Ceramic firefighting foam becomes stronger when temperature increases

A team of chemists from ITMO University, in collaboration with research company SOPOT, has developed a firefighting foam based on inorganic silica nanoparticles. The foam is claimed to beat existing analogues in fire extinguishing capacity, thermal and mechanical stability and biocompatibility.

Fighting large-scale fires usually involves firefighting foams based on synthetic substances, such as prefluorinated surfactants, that, despite their effectiveness, are extremely toxic for living organisms. Complete biodegradation of such foams can last for more than 200 years, with residues penetrating deep into soil and surface water. This leads to the accumulation of toxic elements in living organisms, such as plants, animals and people. Many countries have declined the use of such fire extinguishing agents or opted for reducing the production of such substances despite the absence of any decent alternatives.

The chemists’ foam has been awarded full biodegradability. After the fire is extinguished, the substance actively absorbs water, softens and falls apart into bioinert silica particles. If the foam were to accidentally enter living organisms, it does not pose a danger to them.

"Our foam is based on silica nanoparticles, which create a polymer network when exposed to air," said Alexander Vinogradov, deputy head of the SCAMT laboratory. "Such a network embraces and adheres to the burning object and momentarily cools it down. At the same time, the foam itself hardens. The inorganic origin of this polymer network allows it to resist temperatures above 1000°C, which ensures gigantic stability from the aggressive environment in the midst of a raging fire.”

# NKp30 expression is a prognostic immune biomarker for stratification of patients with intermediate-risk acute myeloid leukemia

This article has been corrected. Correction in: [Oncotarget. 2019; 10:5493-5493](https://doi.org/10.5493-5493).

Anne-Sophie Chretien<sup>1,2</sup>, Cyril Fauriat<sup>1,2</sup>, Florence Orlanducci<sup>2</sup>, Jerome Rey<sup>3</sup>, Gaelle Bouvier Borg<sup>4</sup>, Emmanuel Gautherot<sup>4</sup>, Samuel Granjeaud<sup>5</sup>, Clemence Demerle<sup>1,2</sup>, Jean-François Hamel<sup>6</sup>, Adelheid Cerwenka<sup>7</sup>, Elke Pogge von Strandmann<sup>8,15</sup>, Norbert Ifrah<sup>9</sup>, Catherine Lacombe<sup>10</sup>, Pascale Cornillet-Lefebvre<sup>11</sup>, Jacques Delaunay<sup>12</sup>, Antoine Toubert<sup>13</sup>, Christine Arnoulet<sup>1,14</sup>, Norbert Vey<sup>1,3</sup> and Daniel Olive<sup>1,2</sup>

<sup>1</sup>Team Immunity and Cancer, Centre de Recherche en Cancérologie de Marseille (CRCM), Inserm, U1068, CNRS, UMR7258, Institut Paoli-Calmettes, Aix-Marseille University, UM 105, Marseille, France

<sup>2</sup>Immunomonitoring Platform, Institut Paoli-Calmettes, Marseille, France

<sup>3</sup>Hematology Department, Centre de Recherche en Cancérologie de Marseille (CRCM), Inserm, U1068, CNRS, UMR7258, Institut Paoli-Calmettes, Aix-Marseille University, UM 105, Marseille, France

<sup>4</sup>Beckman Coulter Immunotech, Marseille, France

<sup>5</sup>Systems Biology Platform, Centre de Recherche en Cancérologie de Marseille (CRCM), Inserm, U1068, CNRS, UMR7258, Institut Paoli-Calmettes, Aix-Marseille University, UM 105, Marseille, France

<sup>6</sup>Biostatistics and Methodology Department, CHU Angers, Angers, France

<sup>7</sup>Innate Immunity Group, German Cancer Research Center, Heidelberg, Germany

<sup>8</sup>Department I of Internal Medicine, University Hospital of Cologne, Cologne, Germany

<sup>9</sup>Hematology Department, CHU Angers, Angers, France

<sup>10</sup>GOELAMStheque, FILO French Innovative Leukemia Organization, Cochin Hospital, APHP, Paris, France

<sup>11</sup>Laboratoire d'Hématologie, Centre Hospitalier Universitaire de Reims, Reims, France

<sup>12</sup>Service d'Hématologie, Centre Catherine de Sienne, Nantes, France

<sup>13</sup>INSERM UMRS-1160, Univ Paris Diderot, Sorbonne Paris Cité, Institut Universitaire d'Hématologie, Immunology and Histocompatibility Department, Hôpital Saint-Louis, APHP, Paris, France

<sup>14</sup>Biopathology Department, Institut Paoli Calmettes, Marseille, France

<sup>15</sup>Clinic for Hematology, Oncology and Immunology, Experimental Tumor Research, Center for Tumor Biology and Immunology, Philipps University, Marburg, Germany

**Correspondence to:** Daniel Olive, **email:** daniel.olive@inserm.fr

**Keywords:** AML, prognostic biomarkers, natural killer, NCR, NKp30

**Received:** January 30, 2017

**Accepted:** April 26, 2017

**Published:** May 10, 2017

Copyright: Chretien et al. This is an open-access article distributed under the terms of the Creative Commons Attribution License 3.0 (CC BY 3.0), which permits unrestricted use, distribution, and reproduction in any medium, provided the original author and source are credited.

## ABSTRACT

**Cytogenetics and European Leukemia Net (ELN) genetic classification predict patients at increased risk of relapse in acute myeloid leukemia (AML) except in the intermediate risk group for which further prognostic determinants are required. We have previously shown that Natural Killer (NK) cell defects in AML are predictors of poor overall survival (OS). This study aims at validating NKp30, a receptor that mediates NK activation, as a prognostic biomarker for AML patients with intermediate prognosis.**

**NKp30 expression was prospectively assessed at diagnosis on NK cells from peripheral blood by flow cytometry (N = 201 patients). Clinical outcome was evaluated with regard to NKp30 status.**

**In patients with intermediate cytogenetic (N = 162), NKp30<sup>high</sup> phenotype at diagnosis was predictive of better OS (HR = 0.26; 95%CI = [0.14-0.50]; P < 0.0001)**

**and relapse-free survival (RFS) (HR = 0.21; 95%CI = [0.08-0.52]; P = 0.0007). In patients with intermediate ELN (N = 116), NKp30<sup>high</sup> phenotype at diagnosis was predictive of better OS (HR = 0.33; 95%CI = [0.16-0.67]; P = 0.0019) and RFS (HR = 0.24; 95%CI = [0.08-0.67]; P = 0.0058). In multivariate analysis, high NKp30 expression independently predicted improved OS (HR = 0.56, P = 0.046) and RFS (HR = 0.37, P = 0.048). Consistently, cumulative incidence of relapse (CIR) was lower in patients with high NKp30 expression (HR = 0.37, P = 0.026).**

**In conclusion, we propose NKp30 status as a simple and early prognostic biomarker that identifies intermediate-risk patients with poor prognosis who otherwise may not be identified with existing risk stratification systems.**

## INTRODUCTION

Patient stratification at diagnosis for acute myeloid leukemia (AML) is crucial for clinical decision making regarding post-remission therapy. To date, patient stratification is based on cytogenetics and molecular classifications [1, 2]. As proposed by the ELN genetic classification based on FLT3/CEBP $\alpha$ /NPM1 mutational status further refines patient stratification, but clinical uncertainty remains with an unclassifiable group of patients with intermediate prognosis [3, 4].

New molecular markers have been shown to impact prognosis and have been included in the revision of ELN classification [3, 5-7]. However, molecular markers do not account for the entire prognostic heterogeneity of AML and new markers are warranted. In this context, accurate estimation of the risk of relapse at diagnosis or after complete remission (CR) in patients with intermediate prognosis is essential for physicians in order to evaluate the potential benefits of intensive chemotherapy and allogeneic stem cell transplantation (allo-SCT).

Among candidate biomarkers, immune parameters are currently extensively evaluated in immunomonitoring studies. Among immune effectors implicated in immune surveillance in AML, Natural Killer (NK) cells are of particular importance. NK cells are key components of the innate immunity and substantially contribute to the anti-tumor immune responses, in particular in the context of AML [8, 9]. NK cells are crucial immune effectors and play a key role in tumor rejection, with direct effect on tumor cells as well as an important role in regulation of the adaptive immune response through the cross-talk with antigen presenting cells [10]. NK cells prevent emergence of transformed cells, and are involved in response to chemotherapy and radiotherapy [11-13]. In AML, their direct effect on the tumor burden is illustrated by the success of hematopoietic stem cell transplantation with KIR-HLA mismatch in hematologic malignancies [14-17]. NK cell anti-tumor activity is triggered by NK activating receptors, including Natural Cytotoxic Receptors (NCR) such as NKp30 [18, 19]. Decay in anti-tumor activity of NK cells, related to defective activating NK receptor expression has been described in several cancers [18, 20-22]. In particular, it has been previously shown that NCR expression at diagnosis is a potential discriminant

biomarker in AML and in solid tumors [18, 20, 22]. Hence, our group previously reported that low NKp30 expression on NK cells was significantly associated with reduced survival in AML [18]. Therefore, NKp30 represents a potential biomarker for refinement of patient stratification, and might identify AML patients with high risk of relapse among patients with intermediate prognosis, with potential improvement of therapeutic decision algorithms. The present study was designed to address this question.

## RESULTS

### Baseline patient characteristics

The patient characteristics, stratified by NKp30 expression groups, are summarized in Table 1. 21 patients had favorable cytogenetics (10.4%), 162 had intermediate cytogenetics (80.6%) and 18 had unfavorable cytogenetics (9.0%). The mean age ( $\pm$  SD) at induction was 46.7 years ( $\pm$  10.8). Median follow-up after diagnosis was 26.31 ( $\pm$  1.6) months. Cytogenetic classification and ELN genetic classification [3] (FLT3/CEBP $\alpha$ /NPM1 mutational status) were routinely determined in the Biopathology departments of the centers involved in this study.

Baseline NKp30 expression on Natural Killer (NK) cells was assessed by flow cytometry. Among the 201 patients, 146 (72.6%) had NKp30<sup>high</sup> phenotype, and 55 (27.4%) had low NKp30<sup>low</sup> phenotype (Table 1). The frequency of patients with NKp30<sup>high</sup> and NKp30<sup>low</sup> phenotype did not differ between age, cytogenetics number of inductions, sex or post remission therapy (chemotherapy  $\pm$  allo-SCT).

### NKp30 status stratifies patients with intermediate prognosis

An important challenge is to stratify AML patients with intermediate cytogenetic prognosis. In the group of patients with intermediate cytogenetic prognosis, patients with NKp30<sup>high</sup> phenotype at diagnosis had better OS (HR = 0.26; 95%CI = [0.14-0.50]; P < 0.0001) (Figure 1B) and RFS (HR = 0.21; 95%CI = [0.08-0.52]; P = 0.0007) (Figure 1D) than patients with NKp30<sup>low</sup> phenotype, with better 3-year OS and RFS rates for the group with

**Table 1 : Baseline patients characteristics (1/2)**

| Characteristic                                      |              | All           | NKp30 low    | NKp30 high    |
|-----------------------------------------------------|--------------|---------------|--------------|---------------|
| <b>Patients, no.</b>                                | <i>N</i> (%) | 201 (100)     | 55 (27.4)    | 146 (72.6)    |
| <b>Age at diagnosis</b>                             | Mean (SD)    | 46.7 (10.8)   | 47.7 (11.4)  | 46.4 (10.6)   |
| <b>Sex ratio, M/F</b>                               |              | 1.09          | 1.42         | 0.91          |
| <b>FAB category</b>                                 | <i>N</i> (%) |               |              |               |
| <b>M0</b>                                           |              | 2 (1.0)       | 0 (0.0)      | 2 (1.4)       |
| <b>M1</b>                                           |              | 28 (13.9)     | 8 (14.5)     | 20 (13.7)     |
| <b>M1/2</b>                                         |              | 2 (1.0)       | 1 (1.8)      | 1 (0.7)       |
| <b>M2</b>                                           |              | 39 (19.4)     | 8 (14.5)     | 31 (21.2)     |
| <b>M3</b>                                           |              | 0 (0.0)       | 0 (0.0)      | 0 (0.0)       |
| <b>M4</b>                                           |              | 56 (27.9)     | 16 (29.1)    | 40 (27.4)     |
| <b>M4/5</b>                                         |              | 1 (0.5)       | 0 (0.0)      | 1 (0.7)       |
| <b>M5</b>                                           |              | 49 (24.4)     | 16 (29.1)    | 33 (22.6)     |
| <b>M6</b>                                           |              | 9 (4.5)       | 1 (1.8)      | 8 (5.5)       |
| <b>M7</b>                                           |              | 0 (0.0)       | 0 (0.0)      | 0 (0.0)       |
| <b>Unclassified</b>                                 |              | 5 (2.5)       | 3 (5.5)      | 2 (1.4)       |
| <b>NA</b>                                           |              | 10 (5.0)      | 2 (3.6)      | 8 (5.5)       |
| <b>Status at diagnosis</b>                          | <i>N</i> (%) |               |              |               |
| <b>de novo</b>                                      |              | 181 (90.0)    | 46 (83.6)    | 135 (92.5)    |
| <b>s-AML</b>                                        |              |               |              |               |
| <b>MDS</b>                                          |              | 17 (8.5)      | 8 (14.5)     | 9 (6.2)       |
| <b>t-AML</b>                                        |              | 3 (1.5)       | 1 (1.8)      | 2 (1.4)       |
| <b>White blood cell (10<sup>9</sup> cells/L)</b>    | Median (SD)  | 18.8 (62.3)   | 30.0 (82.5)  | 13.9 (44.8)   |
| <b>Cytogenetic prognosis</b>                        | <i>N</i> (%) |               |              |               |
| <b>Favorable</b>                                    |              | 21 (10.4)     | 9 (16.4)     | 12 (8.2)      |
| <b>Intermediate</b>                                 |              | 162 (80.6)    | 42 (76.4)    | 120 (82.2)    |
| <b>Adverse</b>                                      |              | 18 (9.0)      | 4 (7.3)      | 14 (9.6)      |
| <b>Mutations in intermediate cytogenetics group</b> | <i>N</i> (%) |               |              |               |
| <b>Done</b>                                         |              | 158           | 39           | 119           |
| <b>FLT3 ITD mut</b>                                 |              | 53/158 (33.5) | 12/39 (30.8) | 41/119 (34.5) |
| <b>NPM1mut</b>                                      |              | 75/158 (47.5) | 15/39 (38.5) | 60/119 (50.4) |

The scientists conducted a series of large-scale experiments of the hardening foam, including the imitation of an actual forest fire. The foam was used to create a flame retardant belt that was supposed stop the spread of the fire. The tests demonstrated that the foam easily localises the forest fire seat and can stay active during the whole fire season.

"The flame retardant belt made of our foam will prevent the spread of any forest fire, regardless of its strength and level of complexity," says Gennady Kuprin, head of SOPOT. "We can localise the fire and be sure that the adjacent territories will be safe."

Author
Tom Austin-Morgan

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